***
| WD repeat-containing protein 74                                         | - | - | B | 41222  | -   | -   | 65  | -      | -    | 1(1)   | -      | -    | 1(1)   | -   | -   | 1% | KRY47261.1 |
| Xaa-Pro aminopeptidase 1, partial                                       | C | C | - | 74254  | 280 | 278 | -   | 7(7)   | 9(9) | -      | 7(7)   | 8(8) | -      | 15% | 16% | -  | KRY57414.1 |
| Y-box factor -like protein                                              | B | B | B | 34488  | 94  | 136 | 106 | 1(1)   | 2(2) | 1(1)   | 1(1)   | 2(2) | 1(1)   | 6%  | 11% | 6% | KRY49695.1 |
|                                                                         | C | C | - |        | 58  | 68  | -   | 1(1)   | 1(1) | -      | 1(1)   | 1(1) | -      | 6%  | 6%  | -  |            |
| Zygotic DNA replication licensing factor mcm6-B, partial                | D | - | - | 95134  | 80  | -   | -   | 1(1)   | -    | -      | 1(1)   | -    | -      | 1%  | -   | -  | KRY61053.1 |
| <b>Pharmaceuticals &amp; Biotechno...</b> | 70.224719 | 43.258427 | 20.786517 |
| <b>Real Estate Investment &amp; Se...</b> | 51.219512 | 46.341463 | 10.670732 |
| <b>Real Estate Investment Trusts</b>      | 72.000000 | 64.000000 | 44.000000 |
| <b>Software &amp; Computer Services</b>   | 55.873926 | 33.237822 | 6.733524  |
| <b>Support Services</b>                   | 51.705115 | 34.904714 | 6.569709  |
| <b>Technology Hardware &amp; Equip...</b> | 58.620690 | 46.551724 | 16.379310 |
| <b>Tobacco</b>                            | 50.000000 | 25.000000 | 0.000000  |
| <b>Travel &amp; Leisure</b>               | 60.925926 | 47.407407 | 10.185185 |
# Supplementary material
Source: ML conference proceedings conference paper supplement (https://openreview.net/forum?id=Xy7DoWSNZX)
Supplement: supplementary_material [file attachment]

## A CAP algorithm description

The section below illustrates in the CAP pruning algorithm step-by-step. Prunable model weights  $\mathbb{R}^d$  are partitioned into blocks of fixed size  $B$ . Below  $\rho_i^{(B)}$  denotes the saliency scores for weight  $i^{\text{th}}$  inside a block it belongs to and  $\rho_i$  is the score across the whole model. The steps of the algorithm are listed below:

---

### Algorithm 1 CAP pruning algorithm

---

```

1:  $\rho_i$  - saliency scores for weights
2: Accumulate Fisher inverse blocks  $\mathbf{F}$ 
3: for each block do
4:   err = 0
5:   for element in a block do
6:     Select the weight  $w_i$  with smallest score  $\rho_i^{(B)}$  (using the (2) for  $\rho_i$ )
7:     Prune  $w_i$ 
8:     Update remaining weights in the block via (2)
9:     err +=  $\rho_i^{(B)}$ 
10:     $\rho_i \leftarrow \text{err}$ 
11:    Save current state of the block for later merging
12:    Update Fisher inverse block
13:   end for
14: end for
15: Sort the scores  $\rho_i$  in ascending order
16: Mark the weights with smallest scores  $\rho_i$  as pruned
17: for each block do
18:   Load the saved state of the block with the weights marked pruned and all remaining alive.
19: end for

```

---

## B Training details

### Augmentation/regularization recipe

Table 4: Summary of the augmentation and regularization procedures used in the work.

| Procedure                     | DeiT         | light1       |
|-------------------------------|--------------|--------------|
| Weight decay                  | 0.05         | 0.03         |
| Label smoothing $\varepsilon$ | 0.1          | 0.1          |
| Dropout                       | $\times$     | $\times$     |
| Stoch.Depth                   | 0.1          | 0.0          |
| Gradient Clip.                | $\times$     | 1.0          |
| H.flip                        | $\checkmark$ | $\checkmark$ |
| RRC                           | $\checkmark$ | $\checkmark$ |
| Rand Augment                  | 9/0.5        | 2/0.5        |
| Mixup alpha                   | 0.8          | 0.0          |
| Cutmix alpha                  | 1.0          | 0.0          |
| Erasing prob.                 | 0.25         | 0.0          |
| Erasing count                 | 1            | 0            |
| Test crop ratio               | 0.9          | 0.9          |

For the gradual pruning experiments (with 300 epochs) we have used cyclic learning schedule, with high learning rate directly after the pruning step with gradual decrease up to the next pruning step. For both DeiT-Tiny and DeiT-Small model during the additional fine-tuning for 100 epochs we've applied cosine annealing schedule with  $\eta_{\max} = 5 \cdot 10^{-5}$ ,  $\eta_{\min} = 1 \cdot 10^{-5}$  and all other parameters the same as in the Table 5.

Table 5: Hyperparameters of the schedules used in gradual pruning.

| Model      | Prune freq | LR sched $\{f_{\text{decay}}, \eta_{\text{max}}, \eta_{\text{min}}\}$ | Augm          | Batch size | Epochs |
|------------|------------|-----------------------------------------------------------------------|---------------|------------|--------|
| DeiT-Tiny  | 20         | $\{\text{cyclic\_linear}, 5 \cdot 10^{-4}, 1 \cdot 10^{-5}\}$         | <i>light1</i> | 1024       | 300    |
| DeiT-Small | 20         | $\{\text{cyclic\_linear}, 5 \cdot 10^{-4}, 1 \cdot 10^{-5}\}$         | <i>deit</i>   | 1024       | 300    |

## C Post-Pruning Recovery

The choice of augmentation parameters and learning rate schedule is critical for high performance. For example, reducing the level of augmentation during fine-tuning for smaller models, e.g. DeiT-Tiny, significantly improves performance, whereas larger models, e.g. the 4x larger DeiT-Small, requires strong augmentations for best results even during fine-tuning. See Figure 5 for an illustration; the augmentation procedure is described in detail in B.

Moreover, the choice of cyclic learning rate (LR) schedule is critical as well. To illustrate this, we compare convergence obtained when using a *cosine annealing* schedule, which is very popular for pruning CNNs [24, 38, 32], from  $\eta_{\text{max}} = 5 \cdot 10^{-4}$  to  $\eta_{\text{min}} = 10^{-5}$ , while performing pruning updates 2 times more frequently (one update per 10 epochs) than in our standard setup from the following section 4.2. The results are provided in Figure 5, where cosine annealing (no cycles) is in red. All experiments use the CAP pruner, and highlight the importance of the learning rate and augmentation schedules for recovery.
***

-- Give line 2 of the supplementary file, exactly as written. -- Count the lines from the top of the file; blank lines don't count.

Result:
| Xaa-Pro aminopeptidase 1, partial                                       | C | C | - | 74254  | 280 | 278 | -   | 7(7)   | 9(9) | -      | 7(7)   | 8(8) | -      | 15% | 16% | -  | KRY57414.1 |